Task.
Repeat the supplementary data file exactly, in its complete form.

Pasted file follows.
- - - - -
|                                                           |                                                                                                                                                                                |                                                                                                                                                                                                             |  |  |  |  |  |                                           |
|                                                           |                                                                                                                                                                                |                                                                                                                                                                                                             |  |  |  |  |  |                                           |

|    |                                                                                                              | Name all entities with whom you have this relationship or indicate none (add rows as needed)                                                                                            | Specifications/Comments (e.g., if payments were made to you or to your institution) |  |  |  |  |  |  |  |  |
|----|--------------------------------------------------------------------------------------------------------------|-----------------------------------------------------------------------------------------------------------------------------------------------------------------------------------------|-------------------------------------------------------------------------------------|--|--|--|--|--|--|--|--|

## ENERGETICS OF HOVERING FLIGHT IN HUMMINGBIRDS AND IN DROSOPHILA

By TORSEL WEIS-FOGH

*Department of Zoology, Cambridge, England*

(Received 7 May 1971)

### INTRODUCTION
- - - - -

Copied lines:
|                                                           |                                                                                                                                                                                |                                                                                                                                                                                                             |  |  |  |  |  |                                           |
|                                                           |                                                                                                                                                                                |                                                                                                                                                                                                             |  |  |  |  |  |                                           |

|    |                                                                                                              | Name all entities with whom you have this relationship or indicate none (add rows as needed)                                                                                            | Specifications/Comments (e.g., if payments were made to you or to your institution) |  |  |  |  |  |  |  |  |
|----|--------------------------------------------------------------------------------------------------------------|-----------------------------------------------------------------------------------------------------------------------------------------------------------------------------------------|-------------------------------------------------------------------------------------|--|--|--|--|--|--|--|--|

## ENERGETICS OF HOVERING FLIGHT IN HUMMINGBIRDS AND IN DROSOPHILA

By TORSEL WEIS-FOGH

*Department of Zoology, Cambridge, England*

(Received 7 May 1971)

### INTRODUCTION